Make no mistake, though, this isn’t just about the fact that he used a “naughty word,” which is apparently what “vagina” has been reduced to in the thought processes of conservative Americans. It’s the fact that he was talking about vaginas at all. No matter how many euphemisms he cloaked it in, it still would have been viewed as unacceptable for him to teach his students about reproductive anatomy, and worse, to talk about orgasms.

Because the only thing worse than admitting that humans aren’t Barbies and Kens with smooth plastic expanses between their legs is discussing the fact that for some people, mashing reproductive bits together is actually pretty fun, and there’s a fascinating biological explanation for why some people really get off (ha ha) on it. The science behind the orgasm is absolutely a part of biology instruction, or at least it should be, but it’s even more appalling than saying some people have vaginas, apparently.

Saying that sex can be fun, as we know, is tantamount to saying people ought to, you know, do it. And sex should be taught as something dirty and gross that people don’t discuss or engage in unless they’re doing so within the context of a “traditional” marriage with the specific purpose of reproduction in mind. The be-vaginaed amongst us, in particular, should learn at as early an age as possible that what lies between their legs is foul, unpleasant, and corrupted.

Teaching students that a vagina is just a vagina destroys the mystique cultivated by a misogynistic and sex-negative society. And going one step further, to say that sexuality can be enjoyable, is an even worse crime in the eyes of conservatives; it implies that consent, agency, and control should be involved in sexuality, and suggests that sexual encounters, far from being formulaic, hasty transactions, can and should be enjoyable for everyone involved.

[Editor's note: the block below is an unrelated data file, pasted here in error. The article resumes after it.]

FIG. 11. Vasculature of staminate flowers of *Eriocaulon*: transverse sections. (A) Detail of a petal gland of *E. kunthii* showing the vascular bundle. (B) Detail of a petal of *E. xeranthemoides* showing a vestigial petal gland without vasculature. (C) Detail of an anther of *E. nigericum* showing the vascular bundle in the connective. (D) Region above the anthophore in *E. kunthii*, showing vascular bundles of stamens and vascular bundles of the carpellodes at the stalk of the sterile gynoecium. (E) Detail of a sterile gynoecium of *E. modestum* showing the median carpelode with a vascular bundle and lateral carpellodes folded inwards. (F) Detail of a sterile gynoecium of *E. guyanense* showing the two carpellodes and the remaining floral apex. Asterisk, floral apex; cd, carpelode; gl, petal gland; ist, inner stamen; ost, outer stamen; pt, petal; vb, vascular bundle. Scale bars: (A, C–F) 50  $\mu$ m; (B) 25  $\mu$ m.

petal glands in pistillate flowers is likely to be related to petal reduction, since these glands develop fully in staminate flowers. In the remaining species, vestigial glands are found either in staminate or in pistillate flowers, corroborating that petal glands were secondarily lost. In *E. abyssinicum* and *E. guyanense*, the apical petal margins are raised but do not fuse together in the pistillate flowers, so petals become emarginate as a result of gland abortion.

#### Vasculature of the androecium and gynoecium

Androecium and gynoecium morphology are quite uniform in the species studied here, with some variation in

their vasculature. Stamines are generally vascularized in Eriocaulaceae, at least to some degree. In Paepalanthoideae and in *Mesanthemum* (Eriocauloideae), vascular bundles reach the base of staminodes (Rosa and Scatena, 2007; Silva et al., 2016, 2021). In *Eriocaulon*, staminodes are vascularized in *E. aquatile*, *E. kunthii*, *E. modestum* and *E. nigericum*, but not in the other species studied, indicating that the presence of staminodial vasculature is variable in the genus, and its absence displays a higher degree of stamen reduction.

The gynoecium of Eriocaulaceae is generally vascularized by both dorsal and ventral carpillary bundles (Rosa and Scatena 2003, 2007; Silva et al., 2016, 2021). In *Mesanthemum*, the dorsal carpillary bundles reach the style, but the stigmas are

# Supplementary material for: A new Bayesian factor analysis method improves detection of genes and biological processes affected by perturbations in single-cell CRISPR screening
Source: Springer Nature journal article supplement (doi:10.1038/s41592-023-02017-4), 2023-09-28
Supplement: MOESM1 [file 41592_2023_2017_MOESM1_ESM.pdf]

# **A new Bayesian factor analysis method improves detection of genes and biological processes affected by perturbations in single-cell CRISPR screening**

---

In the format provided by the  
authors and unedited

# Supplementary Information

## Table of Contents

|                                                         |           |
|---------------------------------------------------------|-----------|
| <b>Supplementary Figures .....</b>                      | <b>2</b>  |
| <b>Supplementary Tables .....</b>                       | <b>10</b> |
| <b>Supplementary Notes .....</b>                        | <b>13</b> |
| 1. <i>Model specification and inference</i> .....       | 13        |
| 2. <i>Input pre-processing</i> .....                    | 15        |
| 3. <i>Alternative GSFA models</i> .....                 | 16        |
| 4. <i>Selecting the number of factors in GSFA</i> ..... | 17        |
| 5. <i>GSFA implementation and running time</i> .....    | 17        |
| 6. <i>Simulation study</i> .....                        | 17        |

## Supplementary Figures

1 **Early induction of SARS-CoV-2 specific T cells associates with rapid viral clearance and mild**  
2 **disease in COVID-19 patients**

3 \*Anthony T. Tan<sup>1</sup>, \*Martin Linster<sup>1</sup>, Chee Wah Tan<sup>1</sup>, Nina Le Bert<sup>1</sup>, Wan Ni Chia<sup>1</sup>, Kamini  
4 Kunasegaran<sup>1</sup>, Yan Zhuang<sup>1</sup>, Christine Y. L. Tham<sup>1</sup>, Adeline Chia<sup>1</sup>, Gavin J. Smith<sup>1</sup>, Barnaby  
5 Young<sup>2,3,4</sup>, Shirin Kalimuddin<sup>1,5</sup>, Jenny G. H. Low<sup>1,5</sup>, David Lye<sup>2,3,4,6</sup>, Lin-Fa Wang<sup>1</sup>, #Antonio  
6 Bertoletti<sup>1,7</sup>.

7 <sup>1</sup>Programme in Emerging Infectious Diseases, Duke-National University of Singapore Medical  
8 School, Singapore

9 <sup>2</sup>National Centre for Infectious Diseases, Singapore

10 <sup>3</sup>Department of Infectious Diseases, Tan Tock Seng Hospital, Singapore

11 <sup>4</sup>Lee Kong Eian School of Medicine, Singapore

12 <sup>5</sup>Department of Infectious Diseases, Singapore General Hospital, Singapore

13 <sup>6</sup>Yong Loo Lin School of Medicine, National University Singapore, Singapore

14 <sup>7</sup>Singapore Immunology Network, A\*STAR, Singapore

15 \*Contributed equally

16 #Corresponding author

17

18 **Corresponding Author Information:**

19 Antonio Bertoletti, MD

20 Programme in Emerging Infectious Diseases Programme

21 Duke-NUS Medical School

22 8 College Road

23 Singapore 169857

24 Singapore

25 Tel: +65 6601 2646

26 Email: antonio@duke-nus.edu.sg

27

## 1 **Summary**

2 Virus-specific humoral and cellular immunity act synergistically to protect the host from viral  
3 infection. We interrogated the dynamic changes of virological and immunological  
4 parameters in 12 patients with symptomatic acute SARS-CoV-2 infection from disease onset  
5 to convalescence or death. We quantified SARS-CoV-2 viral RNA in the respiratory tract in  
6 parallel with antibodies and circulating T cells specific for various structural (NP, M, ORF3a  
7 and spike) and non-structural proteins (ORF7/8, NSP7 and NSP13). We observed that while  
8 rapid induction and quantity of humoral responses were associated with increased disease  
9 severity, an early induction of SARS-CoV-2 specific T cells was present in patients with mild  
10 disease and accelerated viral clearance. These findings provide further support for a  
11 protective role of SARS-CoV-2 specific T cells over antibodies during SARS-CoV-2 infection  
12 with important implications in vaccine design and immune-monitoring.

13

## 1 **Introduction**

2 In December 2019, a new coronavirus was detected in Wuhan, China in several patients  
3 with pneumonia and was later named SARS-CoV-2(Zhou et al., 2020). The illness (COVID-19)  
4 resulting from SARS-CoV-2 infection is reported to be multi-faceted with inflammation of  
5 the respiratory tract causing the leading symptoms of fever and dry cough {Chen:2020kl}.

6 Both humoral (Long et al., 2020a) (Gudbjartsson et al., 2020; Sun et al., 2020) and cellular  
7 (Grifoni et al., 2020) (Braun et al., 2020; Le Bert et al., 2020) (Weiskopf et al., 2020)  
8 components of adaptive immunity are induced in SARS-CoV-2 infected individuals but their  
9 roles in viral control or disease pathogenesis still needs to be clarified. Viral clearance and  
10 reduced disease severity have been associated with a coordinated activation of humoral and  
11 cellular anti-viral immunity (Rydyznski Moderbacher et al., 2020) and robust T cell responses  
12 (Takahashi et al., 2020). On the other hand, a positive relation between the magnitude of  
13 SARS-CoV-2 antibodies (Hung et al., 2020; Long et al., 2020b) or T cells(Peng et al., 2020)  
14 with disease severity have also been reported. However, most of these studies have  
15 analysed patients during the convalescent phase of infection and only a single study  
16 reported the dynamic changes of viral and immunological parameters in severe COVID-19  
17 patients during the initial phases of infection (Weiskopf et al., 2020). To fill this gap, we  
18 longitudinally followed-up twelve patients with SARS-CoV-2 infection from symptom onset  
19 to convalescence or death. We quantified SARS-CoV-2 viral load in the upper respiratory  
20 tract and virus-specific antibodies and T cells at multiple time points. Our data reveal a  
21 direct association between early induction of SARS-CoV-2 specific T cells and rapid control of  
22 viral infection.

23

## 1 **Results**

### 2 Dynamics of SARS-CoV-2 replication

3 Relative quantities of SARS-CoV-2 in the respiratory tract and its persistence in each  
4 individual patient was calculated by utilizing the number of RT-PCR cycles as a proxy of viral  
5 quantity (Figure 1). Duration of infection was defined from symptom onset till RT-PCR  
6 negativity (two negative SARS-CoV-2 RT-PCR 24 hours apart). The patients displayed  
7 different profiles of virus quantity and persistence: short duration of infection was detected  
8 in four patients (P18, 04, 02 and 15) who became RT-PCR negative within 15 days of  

In addition to being gross on the grounds of contributing to hateful attitudes about sexuality, this is also troubling, as McDaniel points out, because of what it says about education. This is not the first or the last time a teacher has received complaints for teaching basic instructional material already approved by school authorities. And it’s not the first or the last time such complaints have resulted in potentially serious career repercussions.

This is having a chilling effect on teaching across the United States, as educators are reminded that every move is watched, and thanks to the ease of online organizing, it's a snap to get widespread attention for something. On the one hand, this can be great when parents want to, say, call a teacher out on homophobic comments. On the other, it can be awful when parents want to pressure teachers to conform to very narrow ideas of what is “acceptable” in the classroom, imposing religious values on class material.

That’s bad news for teachers, who have to look over their shoulders constantly to see if they’re pissing parents off with subject matter that should be fairly uncontroversial, like the age of the planet, sexual education, or the history of civil rights. Working under those conditions creates a lot of strain, and drives a lot of great teachers out of the classroom.

Parents who want to opt out of state-approved, basic instructional curricula are more than welcome to do so -- but they shouldn’t be allowed to impose their values on others by complaining about it when it comes up in class. Nor should they be allowed to dictate the very shape of that curricula by pressuring officials to fundamentally change standards, slashing sexual education from schools, attempting to force teachers to teach Creationism alongside science in biology classrooms, and more.

Vaginas deserve to be free: how can we hope to achieve anything resembling social equality if a high school biology teacher can’t even talk about human reproductive anatomy without causing an uproar?

1. Though let’s face it, most red-blooded 10th graders are going to make a point of showing up for this one. Return